Curecanti National Recreation Area borders with Black Canyon of the Gunnison National Park in Colorado. The park offers boating, hiking, camping and so much more.
Curecanti National Recreation Area
Going into our visit to Curecanti NRA we were not really sure what to expect. We honestly thought it might be a drive-through quick visit to the park since we were not planning on doing any water recreation.
When we arrived in the park the first thing we noticed was how many amazing pull-outs there were off the highway. So many easily accessible trailheads and waterways to explore.
A visit to the visitor center is a must while visiting Curecanti NRA! The rangers are able to answer any questions you may have and also tell you about hidden gems within the park.
I picked up a Junior Ranger program while at the visitor center and mentioned how excited we were to work on the train junior ranger program we had just picked up at another park.
This started a conversation about the Narrow Gage Railroad and the exhibits within the park. We had just been talking about all of the amazing National Parks with train exhibits and loved learning about the train history in Curecanti.
Curecanti NRA is a series of three reservoirs along the once wild Gunnison River.
Narrow Gage Railroad
One of the must-visit places in the park is the Cimmaron Canyon Rail Exhibit. The visitor center is train-themed along with having train cars just outside of the visitor center.
Just down the road from the visitor center is one of the coolest train exhibits I have seen in a park! Honestly, this is a must-see!
There are Denver & Rio Grande Western Railroad, bearing the Curecanti Needle on its logo full-size locomotive #278, its coal tender, a boxcar, and a caboose perched on the last remaining railroad trestle along the Black Canyon of the Gunnison route. This exhibit is an excellent example of rolling stock railroad cars used on this branch of the Denver & Rio Grande (D&RG) Narrow Gauge Railroad
It is hard to even describe how epic it is to come around the corner and see the trains.
Being a National Recreation Area the park offers epic boating!
Please visit the Watercraft Inspection page to see where your type of watercraft can launch and if your watercraft requires an inspection for aquatic invasive species before launch.
Fees on Blue Mesa Reservoir
All motorized and/or state-registered vessels on Blue Mesa Reservoir will be required to have a boat permit.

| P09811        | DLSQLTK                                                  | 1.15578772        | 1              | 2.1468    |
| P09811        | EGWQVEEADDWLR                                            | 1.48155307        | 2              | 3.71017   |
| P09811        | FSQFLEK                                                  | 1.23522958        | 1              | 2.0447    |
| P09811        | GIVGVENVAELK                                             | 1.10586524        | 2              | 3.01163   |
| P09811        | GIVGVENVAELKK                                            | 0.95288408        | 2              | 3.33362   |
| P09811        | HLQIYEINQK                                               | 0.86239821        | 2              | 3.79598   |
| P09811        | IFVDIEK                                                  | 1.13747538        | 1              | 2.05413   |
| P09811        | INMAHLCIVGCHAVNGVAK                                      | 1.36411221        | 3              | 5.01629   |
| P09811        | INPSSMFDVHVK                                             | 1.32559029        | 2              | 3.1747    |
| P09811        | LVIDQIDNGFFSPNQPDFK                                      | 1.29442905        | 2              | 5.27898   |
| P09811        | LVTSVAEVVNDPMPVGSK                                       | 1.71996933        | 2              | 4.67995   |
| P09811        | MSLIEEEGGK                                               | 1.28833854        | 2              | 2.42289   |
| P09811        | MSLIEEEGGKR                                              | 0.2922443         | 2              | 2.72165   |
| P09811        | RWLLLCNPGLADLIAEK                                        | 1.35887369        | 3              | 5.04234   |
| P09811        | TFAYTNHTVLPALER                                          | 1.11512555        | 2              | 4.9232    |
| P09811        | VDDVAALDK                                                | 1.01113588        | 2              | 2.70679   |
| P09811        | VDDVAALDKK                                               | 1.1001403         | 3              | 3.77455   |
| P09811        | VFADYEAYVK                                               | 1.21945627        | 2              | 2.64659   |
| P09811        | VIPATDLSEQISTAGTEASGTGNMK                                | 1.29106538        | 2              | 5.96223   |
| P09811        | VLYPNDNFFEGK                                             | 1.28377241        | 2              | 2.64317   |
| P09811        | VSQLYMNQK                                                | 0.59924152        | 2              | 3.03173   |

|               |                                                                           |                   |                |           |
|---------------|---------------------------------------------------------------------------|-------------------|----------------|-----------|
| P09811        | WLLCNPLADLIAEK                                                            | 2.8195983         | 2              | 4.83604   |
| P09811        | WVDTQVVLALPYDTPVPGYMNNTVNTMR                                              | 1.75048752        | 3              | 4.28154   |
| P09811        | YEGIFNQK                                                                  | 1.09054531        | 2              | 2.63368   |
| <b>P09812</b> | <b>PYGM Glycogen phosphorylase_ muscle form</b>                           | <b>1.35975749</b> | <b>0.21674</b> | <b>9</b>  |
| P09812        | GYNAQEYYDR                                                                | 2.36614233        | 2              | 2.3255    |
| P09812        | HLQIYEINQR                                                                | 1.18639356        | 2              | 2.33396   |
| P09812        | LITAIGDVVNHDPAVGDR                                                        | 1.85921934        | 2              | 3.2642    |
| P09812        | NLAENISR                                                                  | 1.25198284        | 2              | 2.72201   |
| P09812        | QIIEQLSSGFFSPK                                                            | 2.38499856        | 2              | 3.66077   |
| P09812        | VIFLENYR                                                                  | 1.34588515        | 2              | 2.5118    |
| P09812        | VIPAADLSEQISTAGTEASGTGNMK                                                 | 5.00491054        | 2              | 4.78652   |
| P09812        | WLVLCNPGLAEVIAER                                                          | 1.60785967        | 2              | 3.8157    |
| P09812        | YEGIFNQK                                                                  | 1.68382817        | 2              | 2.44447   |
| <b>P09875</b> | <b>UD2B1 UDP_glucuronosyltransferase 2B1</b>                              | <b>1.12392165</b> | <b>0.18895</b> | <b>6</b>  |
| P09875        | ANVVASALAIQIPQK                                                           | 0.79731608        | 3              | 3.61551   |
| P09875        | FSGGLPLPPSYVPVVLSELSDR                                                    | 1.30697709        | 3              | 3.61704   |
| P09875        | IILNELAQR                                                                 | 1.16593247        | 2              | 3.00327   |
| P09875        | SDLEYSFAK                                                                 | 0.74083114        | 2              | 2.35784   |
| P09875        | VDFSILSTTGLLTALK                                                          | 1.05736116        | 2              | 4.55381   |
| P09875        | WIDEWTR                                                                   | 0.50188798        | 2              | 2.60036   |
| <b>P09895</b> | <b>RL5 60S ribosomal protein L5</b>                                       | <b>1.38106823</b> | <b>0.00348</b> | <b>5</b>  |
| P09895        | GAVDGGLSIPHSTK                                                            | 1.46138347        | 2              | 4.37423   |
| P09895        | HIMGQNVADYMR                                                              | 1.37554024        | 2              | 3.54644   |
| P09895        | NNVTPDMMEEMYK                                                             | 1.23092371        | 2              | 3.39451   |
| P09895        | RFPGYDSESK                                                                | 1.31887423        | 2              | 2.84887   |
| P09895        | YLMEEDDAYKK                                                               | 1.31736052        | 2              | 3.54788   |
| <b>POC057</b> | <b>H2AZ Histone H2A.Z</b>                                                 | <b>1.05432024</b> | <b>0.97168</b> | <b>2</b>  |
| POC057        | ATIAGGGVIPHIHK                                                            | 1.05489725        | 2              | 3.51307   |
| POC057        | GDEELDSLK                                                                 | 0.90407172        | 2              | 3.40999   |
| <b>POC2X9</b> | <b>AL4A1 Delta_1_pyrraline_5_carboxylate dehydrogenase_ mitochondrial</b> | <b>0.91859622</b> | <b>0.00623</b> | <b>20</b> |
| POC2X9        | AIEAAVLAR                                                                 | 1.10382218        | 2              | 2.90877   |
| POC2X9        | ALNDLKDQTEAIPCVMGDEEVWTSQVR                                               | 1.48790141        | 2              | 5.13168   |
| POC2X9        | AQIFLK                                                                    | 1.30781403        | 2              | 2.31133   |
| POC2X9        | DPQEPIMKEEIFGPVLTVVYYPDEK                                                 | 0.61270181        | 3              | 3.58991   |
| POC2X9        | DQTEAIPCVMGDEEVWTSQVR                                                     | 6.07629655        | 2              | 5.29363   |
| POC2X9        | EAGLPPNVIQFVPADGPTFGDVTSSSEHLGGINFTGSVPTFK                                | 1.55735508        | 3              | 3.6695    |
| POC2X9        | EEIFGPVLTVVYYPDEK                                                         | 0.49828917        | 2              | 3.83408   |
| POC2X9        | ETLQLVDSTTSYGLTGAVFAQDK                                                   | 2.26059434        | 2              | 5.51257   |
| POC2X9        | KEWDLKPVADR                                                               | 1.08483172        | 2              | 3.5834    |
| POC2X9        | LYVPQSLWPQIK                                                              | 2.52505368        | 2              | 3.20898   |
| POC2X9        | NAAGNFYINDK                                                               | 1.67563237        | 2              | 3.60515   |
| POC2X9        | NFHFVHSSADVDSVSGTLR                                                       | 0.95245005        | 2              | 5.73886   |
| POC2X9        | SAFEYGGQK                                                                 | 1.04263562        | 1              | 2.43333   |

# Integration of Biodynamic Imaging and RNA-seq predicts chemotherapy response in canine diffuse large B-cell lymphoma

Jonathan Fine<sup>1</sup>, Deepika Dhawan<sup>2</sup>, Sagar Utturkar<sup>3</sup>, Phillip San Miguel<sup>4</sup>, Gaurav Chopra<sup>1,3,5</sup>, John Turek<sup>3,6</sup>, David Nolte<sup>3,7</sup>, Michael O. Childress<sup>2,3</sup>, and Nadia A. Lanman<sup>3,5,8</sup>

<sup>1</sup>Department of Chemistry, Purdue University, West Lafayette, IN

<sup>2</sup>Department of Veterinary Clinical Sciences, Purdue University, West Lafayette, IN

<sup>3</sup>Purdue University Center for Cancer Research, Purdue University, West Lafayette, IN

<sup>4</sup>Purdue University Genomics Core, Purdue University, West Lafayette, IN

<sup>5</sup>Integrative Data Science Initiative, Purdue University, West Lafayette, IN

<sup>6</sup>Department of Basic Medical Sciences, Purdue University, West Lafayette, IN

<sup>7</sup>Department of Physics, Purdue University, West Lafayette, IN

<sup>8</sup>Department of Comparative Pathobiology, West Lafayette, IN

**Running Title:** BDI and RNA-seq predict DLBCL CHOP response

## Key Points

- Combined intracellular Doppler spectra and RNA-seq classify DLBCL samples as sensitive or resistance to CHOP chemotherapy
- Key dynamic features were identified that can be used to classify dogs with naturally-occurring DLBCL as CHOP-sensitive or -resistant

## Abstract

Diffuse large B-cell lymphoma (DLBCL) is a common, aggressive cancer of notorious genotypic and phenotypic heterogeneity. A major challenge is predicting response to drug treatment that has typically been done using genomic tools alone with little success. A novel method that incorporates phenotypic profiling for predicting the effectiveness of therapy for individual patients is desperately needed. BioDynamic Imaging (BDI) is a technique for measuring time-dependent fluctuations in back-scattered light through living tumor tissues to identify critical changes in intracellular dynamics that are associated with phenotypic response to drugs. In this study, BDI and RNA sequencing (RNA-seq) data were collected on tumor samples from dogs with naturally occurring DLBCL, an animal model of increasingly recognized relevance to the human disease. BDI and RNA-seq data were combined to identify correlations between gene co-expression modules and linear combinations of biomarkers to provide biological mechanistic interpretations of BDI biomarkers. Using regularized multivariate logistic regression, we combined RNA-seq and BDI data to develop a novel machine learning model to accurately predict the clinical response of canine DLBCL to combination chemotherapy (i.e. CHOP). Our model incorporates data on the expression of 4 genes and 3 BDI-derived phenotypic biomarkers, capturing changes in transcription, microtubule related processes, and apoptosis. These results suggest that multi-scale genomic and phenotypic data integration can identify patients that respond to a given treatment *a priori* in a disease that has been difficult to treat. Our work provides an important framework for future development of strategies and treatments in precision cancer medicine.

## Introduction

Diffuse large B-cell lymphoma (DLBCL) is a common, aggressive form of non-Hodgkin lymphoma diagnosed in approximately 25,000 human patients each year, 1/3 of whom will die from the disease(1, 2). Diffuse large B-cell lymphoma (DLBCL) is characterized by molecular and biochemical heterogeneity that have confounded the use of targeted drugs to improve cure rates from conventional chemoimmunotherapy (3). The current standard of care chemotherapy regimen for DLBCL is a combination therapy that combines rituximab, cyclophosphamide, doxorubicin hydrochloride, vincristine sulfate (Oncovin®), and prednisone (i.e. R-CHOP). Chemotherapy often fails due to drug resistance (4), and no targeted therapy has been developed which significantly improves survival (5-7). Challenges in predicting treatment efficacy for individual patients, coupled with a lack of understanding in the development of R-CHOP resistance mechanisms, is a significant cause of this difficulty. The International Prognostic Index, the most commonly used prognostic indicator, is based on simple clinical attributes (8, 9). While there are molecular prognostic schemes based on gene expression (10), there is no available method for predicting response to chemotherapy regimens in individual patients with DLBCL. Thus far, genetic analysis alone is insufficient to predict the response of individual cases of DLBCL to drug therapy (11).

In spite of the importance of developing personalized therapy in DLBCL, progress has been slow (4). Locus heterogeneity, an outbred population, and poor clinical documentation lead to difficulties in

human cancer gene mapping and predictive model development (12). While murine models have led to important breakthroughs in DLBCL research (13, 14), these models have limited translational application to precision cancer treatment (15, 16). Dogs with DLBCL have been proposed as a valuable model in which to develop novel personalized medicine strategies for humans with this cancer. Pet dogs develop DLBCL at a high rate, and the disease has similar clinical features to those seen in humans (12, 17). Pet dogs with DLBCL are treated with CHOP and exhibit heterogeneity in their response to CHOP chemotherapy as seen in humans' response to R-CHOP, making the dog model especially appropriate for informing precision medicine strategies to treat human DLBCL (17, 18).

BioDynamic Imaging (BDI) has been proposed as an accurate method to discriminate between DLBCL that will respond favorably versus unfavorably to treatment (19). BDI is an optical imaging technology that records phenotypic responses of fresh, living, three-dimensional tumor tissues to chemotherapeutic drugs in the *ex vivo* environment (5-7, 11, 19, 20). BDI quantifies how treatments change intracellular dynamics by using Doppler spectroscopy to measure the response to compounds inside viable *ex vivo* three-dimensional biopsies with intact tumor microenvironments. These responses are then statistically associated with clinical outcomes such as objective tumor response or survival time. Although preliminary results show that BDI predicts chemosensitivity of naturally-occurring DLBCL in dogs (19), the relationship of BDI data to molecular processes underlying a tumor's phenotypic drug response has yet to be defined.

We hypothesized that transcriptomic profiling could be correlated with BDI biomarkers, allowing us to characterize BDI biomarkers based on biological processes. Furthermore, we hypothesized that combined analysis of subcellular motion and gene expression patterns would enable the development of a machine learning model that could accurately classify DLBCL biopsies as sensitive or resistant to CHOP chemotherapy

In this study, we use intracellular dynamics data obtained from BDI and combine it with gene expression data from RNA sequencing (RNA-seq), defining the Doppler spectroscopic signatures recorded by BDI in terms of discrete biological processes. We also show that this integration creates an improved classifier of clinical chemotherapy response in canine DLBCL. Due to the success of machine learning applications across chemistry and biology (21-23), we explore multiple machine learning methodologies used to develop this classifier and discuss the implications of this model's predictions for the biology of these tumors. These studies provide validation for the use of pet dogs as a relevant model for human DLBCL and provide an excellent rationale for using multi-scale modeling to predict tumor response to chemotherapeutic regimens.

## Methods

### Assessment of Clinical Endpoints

$30.00 for an annual permit (calendar year)
$10.00 for a 14-day permit
$4.00 for a 2-day permit
These user fees are half-price for those visitors who possess the Interagency Senior or Access Pass.
Backcountry Use Permits For Morrow Point Reservoir
Boaters are required to fill out a free backcountry use permit. Permits are available at the Pine Creek trailhead.
Crytal Reservoir Boating
Like Morrow Point Reservoir, boating on Crystal Reservoir is limited to hand-carried craft. The access trail for Crystal Reservoir is reached via the Mesa Creek Trail located near Cimarron.
Federal and state fish hatcheries stock over three million fish in the reservoirs each year. Fishing Curecanti is an amazing way to spend an afternoon.
Please make sure you are fully versed in fishing regulations and rules for the park.
Morrow Point Boat Tours
These boat tours will return in 2022! You can enjoy an amazing 1½ hour boat tour on the Morrow Point Reservoir.
Tours normally run at 10 am and 1 pm every day except Tuesday, and usually from mid-June to mid-September.
Reservations are required. Beginning in mid-May you may make reservations at Recreation.gov. Reservations may also be made in person at the Elk Creek Visitor Center prior to the day of the tour. Walk-ons are not permitted.
One thing to know about the boat tours is you will need to walk down 232 stairs to reach the Pine Creek boat dock. Once you are down the 232 stairs you will get to enjoy a mile walk to the dock.
One of the great things about Curecanti NRA is the wide variety of habitats that are included within the park.
These habitats provide the perfect opportunity for bird watching.
We recommend making reservations at Curecanti campgrounds prior to coming to Curecanti because cell service and first-come, first-served sites may be unavailable
Reservations may be made on recreation.gov from mid-May to mid-September. All types of camping from tents to large RVs can be accommodated.
There are 10 campgrounds within the park including Elk Creek Campground, Lake Fork Campground, Stevens Creek Campground, Cimmaron Campground, Ponderosa Campground, Dry Gulch Campground, Red Creek Campground, and Gateview Campground.
One thing you might not expect in a Colorado National Park is scuba diving but Curecanti offers amazing freshwater dive spots.
The drive through Curecanti is gorgeous! We visited mid-September and the leaves were starting to change which made it even more amazing. A portion of the highway follows along the water providing gorgeous views.
Make sure to pick up a Junior Ranger program at the visitor center. This is a great way to learn more about the park.
Things to know when planning a trip to Curecanti NRA
How to reach the park - U.S. Highway 50 runs the length of Curecanti between Montrose and Gunnison. The recreation area is also accessed from CO Highway 149 and CO Highway 92.
Entrance Fees - $0.00, There is no charge to visit the park.
National Park Sites near Curecanti National Recreation Area
Check out all of the National Parks in Colorado and neighboring Utah National Parks, Wyoming National Parks, Nebraska National Parks, Arizona National Parks, Kansas National Parks, Oklahoma National Parks, and National Parks in New Mexico.